His fascination for art making reaches about as far back as Charlesworth can remember. Born in Terrace in 1955, he says, “I drew all the time. My parents would take me to things like church, and I didn’t listen to anything. I always had my pencil; I was drawing the whole time.” Despite his inattention to sermons, his parents kept their young artist in materials even if it meant peeling the labels off of soup cans in order to provide a surface for his constant drawing. Such efforts were a reflection of “trying to find paper up there at the time,” Charlesworth laughs, adding, “I don’t know why I was so inclined that way, but my great grandfather was an artist in Winnipeg, and also my dad was drawing all the time.”
Charlesworth’s father made his living in construction, however, and in 1962 the family moved to the Okanagan. Once in his teens, Charlesworth joined his father building houses for a number of years. Between jobs, the young artist would paint in a surrealist style aligning with his introspective imagination. These works attracted praise—and buyers. “It put the little seed into my head that I would sure like to have a career at this at some point,” he recalls.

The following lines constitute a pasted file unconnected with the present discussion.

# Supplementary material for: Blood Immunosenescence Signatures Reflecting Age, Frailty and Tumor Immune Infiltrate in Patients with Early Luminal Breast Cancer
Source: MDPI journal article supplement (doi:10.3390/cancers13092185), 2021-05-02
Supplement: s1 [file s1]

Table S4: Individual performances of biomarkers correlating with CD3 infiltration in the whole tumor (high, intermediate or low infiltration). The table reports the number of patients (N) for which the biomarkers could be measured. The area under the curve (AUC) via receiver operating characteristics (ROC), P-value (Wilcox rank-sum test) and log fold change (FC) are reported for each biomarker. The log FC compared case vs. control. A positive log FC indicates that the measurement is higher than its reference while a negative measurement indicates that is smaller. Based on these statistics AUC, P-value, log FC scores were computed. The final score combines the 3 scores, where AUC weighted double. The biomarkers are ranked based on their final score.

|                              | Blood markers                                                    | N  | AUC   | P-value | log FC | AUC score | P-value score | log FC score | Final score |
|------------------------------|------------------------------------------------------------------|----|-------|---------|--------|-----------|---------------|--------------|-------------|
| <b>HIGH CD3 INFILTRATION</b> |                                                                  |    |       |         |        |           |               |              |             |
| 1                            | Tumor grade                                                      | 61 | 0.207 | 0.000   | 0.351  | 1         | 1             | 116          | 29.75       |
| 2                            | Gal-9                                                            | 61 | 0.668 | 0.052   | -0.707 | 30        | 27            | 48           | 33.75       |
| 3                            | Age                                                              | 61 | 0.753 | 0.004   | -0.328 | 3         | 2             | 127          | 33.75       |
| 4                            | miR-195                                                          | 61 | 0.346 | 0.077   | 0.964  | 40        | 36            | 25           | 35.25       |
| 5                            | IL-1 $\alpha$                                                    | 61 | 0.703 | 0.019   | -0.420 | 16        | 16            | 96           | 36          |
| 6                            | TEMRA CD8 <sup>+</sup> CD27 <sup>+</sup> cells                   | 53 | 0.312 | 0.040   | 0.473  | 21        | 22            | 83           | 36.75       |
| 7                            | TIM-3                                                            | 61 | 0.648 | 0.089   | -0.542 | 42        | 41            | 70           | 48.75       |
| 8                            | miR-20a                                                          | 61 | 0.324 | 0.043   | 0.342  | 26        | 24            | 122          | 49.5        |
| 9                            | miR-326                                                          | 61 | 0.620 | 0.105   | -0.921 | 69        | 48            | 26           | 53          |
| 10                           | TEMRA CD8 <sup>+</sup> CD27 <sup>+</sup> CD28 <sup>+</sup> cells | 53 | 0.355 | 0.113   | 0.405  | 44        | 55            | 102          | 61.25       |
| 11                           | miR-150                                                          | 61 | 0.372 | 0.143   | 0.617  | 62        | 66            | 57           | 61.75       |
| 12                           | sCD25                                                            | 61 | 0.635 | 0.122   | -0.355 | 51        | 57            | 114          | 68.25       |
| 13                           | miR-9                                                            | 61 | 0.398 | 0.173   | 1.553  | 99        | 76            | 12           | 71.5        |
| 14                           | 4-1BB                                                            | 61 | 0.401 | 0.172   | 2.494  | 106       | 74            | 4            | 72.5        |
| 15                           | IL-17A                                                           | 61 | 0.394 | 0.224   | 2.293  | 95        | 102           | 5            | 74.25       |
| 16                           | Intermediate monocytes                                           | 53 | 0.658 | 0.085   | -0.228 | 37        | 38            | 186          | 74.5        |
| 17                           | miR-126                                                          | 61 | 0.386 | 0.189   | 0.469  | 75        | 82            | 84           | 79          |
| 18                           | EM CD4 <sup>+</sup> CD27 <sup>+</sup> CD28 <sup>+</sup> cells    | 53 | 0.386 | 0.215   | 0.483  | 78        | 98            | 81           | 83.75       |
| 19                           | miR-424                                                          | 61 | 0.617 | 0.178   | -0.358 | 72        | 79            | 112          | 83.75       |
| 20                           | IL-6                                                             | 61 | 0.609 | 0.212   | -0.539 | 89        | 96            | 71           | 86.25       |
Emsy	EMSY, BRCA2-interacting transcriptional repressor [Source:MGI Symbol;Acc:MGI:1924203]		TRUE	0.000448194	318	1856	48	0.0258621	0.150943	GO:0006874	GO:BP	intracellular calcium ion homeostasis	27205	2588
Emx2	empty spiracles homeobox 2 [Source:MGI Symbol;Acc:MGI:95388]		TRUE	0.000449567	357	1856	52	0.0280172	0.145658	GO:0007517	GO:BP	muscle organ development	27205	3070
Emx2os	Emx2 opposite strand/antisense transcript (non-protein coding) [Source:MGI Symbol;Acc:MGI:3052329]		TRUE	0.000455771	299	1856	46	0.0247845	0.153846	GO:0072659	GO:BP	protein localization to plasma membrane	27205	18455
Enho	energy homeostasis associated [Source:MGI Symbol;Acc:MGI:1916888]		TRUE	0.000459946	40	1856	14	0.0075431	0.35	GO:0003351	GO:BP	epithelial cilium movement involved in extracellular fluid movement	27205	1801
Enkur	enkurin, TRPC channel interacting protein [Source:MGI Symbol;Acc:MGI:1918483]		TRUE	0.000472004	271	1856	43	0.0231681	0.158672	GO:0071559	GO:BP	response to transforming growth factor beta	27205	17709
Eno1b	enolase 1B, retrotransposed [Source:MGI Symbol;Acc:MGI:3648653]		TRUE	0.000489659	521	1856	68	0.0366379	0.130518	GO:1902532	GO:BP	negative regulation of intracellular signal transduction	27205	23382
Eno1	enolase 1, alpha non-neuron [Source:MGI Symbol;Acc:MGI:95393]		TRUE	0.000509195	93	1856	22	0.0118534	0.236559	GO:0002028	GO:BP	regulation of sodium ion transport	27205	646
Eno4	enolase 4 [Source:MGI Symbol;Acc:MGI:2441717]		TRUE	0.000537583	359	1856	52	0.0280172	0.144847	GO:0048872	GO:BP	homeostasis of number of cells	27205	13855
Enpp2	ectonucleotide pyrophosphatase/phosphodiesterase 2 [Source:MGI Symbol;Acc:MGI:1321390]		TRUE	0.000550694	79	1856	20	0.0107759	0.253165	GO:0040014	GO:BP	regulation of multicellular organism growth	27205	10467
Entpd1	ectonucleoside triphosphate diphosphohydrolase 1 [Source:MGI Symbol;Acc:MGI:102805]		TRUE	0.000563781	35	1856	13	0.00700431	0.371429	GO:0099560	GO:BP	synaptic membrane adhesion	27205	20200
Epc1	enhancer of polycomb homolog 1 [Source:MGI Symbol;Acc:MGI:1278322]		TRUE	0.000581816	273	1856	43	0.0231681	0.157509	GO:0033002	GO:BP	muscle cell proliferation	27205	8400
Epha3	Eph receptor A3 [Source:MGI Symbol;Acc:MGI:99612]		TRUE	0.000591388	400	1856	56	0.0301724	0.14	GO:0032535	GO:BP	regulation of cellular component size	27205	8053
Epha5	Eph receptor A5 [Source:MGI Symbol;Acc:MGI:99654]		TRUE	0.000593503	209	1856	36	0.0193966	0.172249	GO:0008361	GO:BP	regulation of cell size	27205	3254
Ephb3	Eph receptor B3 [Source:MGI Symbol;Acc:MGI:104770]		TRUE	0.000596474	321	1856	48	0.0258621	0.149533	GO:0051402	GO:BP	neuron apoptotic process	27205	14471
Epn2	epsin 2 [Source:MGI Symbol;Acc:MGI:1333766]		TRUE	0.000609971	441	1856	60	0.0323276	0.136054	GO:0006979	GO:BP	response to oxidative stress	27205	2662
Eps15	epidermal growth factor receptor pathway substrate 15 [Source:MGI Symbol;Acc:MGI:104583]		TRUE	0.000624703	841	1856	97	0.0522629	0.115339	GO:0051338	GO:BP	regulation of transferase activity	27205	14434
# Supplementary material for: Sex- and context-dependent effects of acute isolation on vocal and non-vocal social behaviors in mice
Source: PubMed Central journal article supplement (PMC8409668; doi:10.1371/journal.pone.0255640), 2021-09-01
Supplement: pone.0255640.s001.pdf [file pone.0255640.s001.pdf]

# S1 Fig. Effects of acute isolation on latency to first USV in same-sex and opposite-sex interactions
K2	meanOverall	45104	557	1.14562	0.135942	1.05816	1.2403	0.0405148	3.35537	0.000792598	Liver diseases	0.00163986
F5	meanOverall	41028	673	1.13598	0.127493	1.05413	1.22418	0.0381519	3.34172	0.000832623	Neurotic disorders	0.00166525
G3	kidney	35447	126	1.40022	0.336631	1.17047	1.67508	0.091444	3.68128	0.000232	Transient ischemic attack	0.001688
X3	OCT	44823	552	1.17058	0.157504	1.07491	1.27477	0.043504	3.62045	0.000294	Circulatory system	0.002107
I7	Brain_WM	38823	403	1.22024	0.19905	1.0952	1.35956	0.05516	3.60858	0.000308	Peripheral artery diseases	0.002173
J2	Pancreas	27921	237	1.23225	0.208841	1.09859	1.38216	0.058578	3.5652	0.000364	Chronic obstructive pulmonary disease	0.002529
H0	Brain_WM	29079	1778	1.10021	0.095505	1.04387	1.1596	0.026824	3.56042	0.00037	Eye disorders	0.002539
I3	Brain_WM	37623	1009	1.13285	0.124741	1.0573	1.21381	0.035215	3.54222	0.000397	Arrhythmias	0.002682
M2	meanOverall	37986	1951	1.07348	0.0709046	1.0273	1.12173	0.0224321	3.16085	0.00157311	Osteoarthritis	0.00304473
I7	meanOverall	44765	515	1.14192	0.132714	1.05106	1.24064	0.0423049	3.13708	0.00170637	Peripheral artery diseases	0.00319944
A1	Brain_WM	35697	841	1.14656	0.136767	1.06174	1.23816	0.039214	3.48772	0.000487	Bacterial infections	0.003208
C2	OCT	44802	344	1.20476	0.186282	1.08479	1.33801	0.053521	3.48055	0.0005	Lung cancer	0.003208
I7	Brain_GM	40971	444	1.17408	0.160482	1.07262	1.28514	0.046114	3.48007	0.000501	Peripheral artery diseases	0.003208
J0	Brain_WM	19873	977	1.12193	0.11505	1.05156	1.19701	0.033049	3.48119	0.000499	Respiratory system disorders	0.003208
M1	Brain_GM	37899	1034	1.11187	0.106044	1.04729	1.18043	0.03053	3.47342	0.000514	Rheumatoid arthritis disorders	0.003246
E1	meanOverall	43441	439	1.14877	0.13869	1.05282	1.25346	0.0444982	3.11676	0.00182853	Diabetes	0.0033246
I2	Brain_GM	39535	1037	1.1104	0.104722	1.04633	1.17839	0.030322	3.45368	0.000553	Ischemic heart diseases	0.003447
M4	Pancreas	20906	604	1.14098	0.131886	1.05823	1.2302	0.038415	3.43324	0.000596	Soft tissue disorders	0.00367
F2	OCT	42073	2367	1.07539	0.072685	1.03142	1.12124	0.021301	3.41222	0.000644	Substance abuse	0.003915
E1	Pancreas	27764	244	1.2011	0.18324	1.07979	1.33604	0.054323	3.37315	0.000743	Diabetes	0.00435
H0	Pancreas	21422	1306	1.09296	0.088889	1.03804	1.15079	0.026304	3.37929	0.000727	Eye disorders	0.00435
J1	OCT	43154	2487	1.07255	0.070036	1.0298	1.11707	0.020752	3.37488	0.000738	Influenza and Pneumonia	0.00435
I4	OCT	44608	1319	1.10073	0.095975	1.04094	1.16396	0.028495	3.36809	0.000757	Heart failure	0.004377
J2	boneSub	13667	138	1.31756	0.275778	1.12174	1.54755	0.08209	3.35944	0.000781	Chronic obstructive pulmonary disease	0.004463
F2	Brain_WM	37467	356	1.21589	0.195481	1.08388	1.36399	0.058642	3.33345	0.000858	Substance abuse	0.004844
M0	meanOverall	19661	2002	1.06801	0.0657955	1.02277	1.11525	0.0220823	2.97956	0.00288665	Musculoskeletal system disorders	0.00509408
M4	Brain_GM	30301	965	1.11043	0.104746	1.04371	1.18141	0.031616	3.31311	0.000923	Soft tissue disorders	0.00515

A two-year diploma program in Fine Arts at Okanagan College exposed Charlesworth to other influences, especially impressionism, the Group of Seven and Tom Thomson, influences he continues to explore in his practice. He painted landscapes “because they were there,” he says with a laugh, but with the goal of conveying his own sense of place. “For me the landscape was how I developed and how I learned. No matter where you are in the world, you are affected by where you live,” he observes, “So it was wanting to put the place into [my] own visual language. I’ve never just wanted to replicate a certain place. I go more for the feel of a place.”